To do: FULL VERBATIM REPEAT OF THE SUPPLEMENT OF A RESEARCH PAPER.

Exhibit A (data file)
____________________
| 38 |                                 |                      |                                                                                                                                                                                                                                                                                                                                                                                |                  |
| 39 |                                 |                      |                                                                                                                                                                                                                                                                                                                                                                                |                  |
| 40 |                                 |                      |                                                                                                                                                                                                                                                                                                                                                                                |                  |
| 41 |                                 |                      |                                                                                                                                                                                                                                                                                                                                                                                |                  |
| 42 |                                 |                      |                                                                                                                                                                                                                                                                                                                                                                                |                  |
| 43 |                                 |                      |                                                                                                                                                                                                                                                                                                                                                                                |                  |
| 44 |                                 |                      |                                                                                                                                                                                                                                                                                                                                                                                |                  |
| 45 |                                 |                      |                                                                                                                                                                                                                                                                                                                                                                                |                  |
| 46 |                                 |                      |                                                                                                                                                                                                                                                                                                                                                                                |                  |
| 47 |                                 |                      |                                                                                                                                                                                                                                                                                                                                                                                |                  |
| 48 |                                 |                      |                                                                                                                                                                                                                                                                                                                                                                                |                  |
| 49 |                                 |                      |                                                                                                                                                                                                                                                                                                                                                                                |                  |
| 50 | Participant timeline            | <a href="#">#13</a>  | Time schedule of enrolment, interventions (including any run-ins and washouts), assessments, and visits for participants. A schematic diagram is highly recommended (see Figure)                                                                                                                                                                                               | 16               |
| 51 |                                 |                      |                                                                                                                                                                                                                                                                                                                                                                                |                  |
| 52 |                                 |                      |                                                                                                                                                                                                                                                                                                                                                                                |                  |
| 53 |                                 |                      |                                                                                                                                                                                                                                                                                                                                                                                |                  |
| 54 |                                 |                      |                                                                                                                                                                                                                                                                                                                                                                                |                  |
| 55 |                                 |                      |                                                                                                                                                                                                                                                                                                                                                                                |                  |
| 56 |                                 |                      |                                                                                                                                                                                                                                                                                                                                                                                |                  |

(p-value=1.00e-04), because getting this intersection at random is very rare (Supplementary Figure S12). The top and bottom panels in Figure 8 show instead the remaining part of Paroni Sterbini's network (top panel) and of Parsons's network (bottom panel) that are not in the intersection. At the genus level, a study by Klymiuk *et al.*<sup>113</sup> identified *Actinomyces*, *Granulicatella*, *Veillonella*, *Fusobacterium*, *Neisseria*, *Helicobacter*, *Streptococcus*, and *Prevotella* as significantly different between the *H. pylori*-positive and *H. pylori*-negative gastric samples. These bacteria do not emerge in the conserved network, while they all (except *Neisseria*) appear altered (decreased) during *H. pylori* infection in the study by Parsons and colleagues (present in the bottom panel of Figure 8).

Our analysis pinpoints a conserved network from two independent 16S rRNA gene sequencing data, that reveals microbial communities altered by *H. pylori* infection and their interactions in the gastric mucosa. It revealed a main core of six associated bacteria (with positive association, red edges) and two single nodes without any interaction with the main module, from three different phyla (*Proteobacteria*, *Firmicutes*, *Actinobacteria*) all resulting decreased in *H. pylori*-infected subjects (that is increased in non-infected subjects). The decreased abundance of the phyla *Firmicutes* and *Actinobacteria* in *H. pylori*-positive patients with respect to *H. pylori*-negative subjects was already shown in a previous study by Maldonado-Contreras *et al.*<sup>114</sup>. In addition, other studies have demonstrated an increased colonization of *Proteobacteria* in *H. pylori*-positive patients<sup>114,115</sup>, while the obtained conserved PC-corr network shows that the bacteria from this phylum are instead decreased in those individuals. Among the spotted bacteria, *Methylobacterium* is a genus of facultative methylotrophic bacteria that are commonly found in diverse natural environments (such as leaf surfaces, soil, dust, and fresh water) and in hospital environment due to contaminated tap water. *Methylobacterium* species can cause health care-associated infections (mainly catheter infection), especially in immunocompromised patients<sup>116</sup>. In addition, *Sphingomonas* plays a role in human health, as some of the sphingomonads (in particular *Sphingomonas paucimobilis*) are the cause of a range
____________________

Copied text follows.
| 38 |                                 |                      |                                                                                                                                                                                                                                                                                                                                                                                |                  |
| 39 |                                 |                      |                                                                                                                                                                                                                                                                                                                                                                                |                  |
| 40 |                                 |                      |                                                                                                                                                                                                                                                                                                                                                                                |                  |
| 41 |                                 |                      |                                                                                                                                                                                                                                                                                                                                                                                |                  |
| 42 |                                 |                      |                                                                                                                                                                                                                                                                                                                                                                                |                  |
| 43 |                                 |                      |                                                                                                                                                                                                                                                                                                                                                                                |                  |
| 44 |                                 |                      |                                                                                                                                                                                                                                                                                                                                                                                |                  |
| 45 |                                 |                      |                                                                                                                                                                                                                                                                                                                                                                                |                  |
| 46 |                                 |                      |                                                                                                                                                                                                                                                                                                                                                                                |                  |
| 47 |                                 |                      |                                                                                                                                                                                                                                                                                                                                                                                |                  |
| 48 |                                 |                      |                                                                                                                                                                                                                                                                                                                                                                                |                  |
| 49 |                                 |                      |                                                                                                                                                                                                                                                                                                                                                                                |                  |
| 50 | Participant timeline            | <a href="#">#13</a>  | Time schedule of enrolment, interventions (including any run-ins and washouts), assessments, and visits for participants. A schematic diagram is highly recommended (see Figure)                                                                                                                                                                                               | 16               |
| 51 |                                 |                      |                                                                                                                                                                                                                                                                                                                                                                                |                  |
| 52 |                                 |                      |                                                                                                                                                                                                                                                                                                                                                                                |                  |
| 53 |                                 |                      |                                                                                                                                                                                                                                                                                                                                                                                |                  |
| 54 |                                 |                      |                                                                                                                                                                                                                                                                                                                                                                                |                  |
| 55 |                                 |                      |                                                                                                                                                                                                                                                                                                                                                                                |                  |
| 56 |                                 |                      |                                                                                                                                                                                                                                                                                                                                                                                |                  |

(p-value=1.00e-04), because getting this intersection at random is very rare (Supplementary Figure S12). The top and bottom panels in Figure 8 show instead the remaining part of Paroni Sterbini's network (top panel) and of Parsons's network (bottom panel) that are not in the intersection. At the genus level, a study by Klymiuk *et al.*<sup>113</sup> identified *Actinomyces*, *Granulicatella*, *Veillonella*, *Fusobacterium*, *Neisseria*, *Helicobacter*, *Streptococcus*, and *Prevotella* as significantly different between the *H. pylori*-positive and *H. pylori*-negative gastric samples. These bacteria do not emerge in the conserved network, while they all (except *Neisseria*) appear altered (decreased) during *H. pylori* infection in the study by Parsons and colleagues (present in the bottom panel of Figure 8).

Our analysis pinpoints a conserved network from two independent 16S rRNA gene sequencing data, that reveals microbial communities altered by *H. pylori* infection and their interactions in the gastric mucosa. It revealed a main core of six associated bacteria (with positive association, red edges) and two single nodes without any interaction with the main module, from three different phyla (*Proteobacteria*, *Firmicutes*, *Actinobacteria*) all resulting decreased in *H. pylori*-infected subjects (that is increased in non-infected subjects). The decreased abundance of the phyla *Firmicutes* and *Actinobacteria* in *H. pylori*-positive patients with respect to *H. pylori*-negative subjects was already shown in a previous study by Maldonado-Contreras *et al.*<sup>114</sup>. In addition, other studies have demonstrated an increased colonization of *Proteobacteria* in *H. pylori*-positive patients<sup>114,115</sup>, while the obtained conserved PC-corr network shows that the bacteria from this phylum are instead decreased in those individuals. Among the spotted bacteria, *Methylobacterium* is a genus of facultative methylotrophic bacteria that are commonly found in diverse natural environments (such as leaf surfaces, soil, dust, and fresh water) and in hospital environment due to contaminated tap water. *Methylobacterium* species can cause health care-associated infections (mainly catheter infection), especially in immunocompromised patients<sup>116</sup>. In addition, *Sphingomonas* plays a role in human health, as some of the sphingomonads (in particular *Sphingomonas paucimobilis*) are the cause of a range